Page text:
HvHelvetium85Discredited claim to discovery of astatine.[nb 2][9]
HyMercury80Hy from the Greek hydrargyrum for "liquid silver". Current symbol is Hg.[nb 1][6]
IIridium77Current symbol is Ir. The symbol is now used for iodine.[nb 1]
IlIllinium61Discredited claim to discovery of promethium.[nb 2][7]
JJodium53Former name for iodine.[nb 1]
JgJargonium72Discredited claim to discovery of hafnium.[nb 2][7]
JlJoliotium105Proposed name for dubnium.[nb 3][7]
KaPotassium19Current symbol is K.[nb 1]
KuKurchatovium104Proposed name for rutherfordium.[nb 3][7]
LLithium3Current symbol is Li.[nb 1]
LwLawrencium103Current symbol is Lr.[nb 1]
MMuriaticum17Former name for chlorine.[nb 1]
MaManganese25Current symbol is Mn.[nb 1]
MaMasurium43Disputed claim to discovery of technetium.[nb 2][7]
MdMendelevium97Proposed name for berkelium. The symbol and name were later used for element 101.[nb 1][nb 3]
MlMoldavium87Discredited claim to discovery of francium.[nb 2][9]
MsMagnesium12Current symbol is Mg.[nb 1]
MsMasurium43Disputed claim to discovery of technetium.[nb 2]
MvMendelevium101Current symbol is Md.[nb 1]
NgNorwegium72Discredited claim to discovery of hafnium.[nb 2]
NoNorium72Discredited claim to discovery of hafnium. The symbol is now used for nobelium.[nb 2]
NpNipponium43Discredited claim to discovery of technetium. The symbol is now used for neptunium.[nb 2][7]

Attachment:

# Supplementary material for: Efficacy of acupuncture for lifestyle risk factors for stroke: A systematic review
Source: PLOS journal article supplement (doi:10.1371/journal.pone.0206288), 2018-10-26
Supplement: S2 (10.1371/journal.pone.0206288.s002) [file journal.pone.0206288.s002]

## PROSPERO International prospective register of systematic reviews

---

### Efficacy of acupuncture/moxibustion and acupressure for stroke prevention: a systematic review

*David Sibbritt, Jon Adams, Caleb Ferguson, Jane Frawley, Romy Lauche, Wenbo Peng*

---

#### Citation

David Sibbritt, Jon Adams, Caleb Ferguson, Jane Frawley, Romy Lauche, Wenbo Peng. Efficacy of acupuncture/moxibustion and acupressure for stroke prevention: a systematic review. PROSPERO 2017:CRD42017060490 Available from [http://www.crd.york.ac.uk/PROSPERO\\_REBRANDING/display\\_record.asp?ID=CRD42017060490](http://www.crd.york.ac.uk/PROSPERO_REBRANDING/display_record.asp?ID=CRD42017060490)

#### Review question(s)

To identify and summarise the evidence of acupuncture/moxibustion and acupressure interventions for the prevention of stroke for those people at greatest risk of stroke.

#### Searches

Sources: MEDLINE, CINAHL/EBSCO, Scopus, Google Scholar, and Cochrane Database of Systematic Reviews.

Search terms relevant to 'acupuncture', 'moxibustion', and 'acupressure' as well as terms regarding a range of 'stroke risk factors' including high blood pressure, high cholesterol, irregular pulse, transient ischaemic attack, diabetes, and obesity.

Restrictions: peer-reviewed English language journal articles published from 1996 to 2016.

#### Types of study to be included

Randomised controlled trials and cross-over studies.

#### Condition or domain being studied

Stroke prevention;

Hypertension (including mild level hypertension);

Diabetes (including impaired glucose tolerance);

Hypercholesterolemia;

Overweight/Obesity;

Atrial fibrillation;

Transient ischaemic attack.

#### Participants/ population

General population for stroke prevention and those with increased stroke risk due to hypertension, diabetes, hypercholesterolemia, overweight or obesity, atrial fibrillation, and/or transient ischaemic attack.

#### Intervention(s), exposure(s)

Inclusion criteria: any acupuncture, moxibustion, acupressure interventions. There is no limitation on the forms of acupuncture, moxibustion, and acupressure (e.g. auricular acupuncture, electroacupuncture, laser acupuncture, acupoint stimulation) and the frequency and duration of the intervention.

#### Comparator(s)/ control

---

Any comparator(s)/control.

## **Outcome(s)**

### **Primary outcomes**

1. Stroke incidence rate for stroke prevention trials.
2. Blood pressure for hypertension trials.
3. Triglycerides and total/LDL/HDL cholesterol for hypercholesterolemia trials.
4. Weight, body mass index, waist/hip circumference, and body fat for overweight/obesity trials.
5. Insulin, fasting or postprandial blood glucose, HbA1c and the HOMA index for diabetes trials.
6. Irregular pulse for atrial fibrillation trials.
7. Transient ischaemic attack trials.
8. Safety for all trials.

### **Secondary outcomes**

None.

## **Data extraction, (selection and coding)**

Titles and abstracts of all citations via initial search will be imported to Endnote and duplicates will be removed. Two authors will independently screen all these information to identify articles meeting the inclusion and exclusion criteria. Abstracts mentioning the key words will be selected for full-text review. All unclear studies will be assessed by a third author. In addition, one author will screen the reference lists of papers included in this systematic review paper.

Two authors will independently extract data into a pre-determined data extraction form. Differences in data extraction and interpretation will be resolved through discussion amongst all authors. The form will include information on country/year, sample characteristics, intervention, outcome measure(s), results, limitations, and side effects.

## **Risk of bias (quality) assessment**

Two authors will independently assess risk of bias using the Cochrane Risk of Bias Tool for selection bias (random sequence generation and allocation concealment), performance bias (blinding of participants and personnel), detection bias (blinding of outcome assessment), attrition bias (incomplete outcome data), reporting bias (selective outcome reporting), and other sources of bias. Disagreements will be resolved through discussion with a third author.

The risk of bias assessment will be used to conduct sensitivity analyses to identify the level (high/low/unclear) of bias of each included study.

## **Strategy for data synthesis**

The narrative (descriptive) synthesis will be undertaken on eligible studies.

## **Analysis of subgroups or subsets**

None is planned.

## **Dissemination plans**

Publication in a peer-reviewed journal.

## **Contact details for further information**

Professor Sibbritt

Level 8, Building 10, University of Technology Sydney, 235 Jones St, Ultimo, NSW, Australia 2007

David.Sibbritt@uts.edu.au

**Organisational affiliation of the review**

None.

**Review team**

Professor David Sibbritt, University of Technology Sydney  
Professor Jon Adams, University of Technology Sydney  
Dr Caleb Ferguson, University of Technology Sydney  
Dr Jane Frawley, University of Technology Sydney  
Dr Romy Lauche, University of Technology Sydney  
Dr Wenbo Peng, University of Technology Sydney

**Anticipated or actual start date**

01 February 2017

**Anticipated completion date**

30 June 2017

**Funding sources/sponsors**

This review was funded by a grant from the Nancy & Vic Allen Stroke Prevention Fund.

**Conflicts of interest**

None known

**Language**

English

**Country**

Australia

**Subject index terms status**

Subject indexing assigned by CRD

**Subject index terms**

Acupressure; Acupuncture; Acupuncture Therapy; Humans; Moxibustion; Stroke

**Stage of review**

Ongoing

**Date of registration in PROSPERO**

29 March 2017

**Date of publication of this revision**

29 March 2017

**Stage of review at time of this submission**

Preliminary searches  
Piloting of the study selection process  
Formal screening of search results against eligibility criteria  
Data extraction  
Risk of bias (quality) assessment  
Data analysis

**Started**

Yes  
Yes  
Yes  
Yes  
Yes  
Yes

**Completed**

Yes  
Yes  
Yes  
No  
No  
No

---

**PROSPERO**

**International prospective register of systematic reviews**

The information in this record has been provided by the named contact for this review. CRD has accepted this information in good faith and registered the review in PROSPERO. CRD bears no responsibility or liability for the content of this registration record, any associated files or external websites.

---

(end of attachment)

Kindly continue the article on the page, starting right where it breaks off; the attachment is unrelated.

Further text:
NsNielsbohrium105Proposed name for dubnium.[nb 3][7]
NsNielsbohrium107Proposed name for bohrium.[nb 3][7]
NtNiton86Former name for radon.[nb 1][7]
NyNeoytterbium70Former name for ytterbium.[nb 1]
PLead82Current symbol is Pb. The symbol is now used for phosphorus.[nb 1]
PaPalladium46Current symbol is Pd. The symbol is now used for protactinium.[nb 1]
PePelopium41Former name for niobium.[nb 1]
PlPalladium46Current symbol is Pd.[nb 1]
PoPotassium19Current symbol is K. The symbol is now used for polonium.[nb 1]
RRhodium45Current symbol is Rh.[nb 1]
RdRadium88Current symbol is Ra.[nb 1]
RfRutherfordium106Proposed name for seaborgium. The symbol and name were instead used for element 104.[nb 1][nb 3][7]
RoRhodium45Current symbol is Rh.[nb 1]
SaSamarium62Current symbol is Sm.[nb 1][7]
SoSodium11Current symbol is Na.[nb 1]
StAntimony51Current symbol is Sb.[nb 1]
StTin50Current symbol is Sn.[nb 1]
TnTungsten74Current symbol is W.[nb 1]
TrTerbium65Current symbol is Tb.[nb 1]
TuThulium69Current symbol is Tm.[nb 1]
TuTungsten74Current symbol is W.[nb 1]
UnbUnnilbium102Temporary name given to nobelium until it was permanently named by IUPAC.[nb 4]
UneUnnilennium109Temporary name given to meitnerium until it was permanently named by IUPAC.[nb 4]
UnhUnnilhexium106Temporary name given to seaborgium until it was permanently named by IUPAC.[nb 4]
UnoUnniloctium108Temporary name given to hassium until it was permanently named by IUPAC.[nb 4]
UnpUnnilpentium105Temporary name given to dubnium until it was permanently named by IUPAC.[nb 4]
UnqUnnilquadium104Temporary name given to rutherfordium until it was permanently named by IUPAC.[nb 4]
UnsUnnilseptium107Temporary name given to bohrium until it was permanently named by IUPAC.[nb 4]
UntUnniltrium103Temporary name given to lawrencium until it was permanently named by IUPAC.[nb 4]
UnuUnnilunium101Temporary name given to mendelevium until it was permanently named by IUPAC.[nb 4]